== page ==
On the one hand, I really WANT to be able to use an electronic planner, note taking system and organizational process. I’ve tried a number of them, and some (OneNote for my dissertation and my Inbox as a to do queue) are still in use. But not all.
I have reverted to paper note taking for a class I am in this semester (Cognitive Psychology). For some reason, the act of writing the notes in pen helps them make the jump from short-term to long-term memory. (I blame this on growing up in the pre-digital age and training myself to learn this way.) I’m doing the same thing at work; despite taking my laptop to every meeting, I am carrying a small Circa binder into which I make notes and add to do items.
The reason this works better is because, short of getting myself a tablet pc, there are things I just can’t do with a keyboard that I do all the time on paper.
- Draw myself pictures to help me remember something
- Draw lines between a current thought and one noted earlier to make it clear how they are related to one another
- Color code my notes (do-able on screen, but takes a bit more time than just trading pens)
- The occasional mind map (again, do-able on screen but requires learning a new tool)
Having said that, all is not quite where I want it to be. This method works well for taking down information and getting it into my head, but the to do aspect is not working nearly as well. My work to do list still lives in email primarily, although I try to write one out every monday, and my home to do list *blush* lives mostly in my head and my gmail.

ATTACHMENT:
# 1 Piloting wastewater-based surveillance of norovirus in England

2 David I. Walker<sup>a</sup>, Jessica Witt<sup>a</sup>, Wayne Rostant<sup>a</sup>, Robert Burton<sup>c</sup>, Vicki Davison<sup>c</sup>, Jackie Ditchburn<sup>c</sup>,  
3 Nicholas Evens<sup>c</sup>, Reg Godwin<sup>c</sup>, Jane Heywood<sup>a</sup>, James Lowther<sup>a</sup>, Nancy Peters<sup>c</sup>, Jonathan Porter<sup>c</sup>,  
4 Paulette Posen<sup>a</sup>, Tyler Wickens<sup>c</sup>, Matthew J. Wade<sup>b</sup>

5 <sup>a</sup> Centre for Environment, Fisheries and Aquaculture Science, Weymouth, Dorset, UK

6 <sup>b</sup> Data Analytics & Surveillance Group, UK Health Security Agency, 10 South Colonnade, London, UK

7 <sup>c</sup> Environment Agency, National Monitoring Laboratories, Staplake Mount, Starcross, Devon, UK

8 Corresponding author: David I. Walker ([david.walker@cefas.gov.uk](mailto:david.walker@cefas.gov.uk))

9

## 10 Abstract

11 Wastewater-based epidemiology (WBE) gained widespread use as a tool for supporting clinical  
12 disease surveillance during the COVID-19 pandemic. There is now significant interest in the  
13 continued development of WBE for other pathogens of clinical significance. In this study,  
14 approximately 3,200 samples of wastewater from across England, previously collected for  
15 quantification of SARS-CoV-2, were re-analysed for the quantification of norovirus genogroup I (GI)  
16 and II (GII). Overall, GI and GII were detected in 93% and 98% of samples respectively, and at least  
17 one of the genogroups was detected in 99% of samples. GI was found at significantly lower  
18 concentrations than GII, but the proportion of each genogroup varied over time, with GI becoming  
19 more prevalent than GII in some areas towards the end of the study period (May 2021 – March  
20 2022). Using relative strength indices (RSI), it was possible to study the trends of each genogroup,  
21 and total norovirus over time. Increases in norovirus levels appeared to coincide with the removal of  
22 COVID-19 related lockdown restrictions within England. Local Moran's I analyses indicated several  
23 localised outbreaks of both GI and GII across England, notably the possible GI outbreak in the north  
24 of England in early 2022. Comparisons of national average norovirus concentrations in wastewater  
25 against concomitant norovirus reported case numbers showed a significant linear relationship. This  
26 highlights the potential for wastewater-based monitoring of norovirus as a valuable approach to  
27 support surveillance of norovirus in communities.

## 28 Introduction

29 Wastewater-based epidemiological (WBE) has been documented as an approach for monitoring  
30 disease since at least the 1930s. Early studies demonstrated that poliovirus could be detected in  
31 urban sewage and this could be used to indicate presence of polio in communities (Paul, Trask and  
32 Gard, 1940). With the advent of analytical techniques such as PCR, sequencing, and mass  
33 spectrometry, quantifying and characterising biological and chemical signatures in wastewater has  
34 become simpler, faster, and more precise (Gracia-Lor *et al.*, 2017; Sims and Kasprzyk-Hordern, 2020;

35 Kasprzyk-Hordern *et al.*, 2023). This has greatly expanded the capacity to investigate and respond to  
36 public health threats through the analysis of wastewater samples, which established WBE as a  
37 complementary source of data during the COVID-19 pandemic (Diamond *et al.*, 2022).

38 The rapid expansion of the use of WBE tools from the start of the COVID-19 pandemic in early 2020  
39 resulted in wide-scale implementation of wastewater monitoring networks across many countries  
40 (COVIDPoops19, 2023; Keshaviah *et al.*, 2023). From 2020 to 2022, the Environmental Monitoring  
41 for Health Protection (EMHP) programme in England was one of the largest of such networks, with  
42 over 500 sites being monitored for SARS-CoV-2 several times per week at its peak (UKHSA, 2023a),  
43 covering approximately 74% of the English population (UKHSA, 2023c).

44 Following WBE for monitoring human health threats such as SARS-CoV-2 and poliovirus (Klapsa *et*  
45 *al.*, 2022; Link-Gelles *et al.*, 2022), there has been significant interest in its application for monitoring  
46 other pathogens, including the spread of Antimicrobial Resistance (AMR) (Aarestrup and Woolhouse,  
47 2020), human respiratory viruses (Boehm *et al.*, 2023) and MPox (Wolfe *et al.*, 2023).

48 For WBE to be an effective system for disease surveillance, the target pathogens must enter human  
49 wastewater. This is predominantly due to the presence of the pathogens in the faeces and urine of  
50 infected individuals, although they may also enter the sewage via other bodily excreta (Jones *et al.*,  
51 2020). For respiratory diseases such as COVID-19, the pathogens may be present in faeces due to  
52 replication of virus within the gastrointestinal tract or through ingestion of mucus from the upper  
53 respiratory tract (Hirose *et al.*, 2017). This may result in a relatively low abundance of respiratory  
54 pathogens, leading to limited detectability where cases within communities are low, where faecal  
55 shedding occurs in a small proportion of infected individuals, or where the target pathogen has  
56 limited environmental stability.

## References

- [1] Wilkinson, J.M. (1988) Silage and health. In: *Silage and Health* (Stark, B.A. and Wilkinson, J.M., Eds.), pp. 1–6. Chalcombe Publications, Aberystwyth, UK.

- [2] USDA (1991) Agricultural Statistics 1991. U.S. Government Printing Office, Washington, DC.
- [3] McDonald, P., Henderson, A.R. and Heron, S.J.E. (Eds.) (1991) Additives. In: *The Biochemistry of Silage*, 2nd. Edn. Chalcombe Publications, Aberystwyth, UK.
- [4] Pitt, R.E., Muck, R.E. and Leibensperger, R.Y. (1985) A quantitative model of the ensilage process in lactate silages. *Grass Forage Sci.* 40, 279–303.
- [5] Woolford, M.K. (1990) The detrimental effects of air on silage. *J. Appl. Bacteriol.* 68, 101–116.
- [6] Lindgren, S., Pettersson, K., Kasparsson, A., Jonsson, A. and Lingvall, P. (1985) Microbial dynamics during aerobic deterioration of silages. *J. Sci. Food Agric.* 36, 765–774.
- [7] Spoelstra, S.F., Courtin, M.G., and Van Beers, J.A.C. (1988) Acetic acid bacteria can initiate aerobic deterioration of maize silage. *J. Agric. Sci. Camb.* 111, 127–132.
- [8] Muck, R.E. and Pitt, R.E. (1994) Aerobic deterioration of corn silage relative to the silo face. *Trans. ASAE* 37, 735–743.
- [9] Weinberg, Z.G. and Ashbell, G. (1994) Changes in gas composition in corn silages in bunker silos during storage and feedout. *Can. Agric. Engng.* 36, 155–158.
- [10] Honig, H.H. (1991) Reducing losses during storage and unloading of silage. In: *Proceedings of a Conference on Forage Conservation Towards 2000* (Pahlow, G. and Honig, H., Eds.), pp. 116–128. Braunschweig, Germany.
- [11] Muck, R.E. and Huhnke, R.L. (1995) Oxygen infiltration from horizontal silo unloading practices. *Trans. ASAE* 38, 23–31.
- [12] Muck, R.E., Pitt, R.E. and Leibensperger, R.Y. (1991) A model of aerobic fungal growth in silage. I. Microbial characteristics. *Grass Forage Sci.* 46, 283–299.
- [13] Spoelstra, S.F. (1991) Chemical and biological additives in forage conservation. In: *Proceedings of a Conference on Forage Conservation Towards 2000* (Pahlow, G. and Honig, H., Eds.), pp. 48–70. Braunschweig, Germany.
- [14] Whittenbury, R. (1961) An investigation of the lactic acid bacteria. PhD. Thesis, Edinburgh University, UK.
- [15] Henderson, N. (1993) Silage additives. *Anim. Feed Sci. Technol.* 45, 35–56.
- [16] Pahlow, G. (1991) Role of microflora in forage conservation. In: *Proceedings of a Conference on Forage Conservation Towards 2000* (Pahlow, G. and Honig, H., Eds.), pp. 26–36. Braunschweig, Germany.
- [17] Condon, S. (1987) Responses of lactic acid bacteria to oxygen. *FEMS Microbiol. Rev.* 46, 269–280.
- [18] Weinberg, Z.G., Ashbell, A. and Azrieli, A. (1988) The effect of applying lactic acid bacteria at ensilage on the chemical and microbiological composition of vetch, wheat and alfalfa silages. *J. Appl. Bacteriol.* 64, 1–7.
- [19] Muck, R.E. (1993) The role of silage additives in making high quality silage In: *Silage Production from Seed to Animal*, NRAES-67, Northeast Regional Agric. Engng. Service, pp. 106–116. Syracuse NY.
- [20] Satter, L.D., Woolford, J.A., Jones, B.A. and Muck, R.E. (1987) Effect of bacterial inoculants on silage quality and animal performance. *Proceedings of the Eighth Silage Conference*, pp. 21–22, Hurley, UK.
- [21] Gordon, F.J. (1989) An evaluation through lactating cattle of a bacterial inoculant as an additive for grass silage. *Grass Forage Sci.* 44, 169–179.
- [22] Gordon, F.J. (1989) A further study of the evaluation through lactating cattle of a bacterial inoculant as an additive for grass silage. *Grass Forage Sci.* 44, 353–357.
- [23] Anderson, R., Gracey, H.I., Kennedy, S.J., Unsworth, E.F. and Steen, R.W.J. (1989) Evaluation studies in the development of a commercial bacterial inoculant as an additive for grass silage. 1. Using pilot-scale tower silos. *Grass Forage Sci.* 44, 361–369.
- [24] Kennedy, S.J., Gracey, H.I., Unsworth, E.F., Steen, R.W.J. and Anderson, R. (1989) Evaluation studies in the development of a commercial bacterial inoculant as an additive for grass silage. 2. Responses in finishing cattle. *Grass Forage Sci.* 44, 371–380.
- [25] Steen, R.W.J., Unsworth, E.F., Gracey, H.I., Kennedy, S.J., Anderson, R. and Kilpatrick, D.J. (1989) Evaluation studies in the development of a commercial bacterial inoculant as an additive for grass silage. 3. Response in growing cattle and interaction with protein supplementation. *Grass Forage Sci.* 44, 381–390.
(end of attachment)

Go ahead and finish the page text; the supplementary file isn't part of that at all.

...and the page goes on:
Therefore I am going to try using GTDAgenda for the next month. It is a pay service, although the cost is relatively low, but of all the electronic implementations of the GTD methodology this one includes all of the core features plus a few others that seem highly useful to me. For example, it gives you the ability to create checklists for repetitive tasks such as dealing with the administrative items for each of my classes every weekend. At the end of the month I will be posting a full review of the product along with results of my new approach.
In the meantime, however, I want to make it clear that paper has its place in my system. Research on memory has shown that making connections between new information and what we know already is critical to memory, and paper provides a more free-form way for me to do that. Further, the act of writing for me is an input device for my brain, whereas the act of typing is an output device. That makes taking notes on paper a better option even if I never look at them again.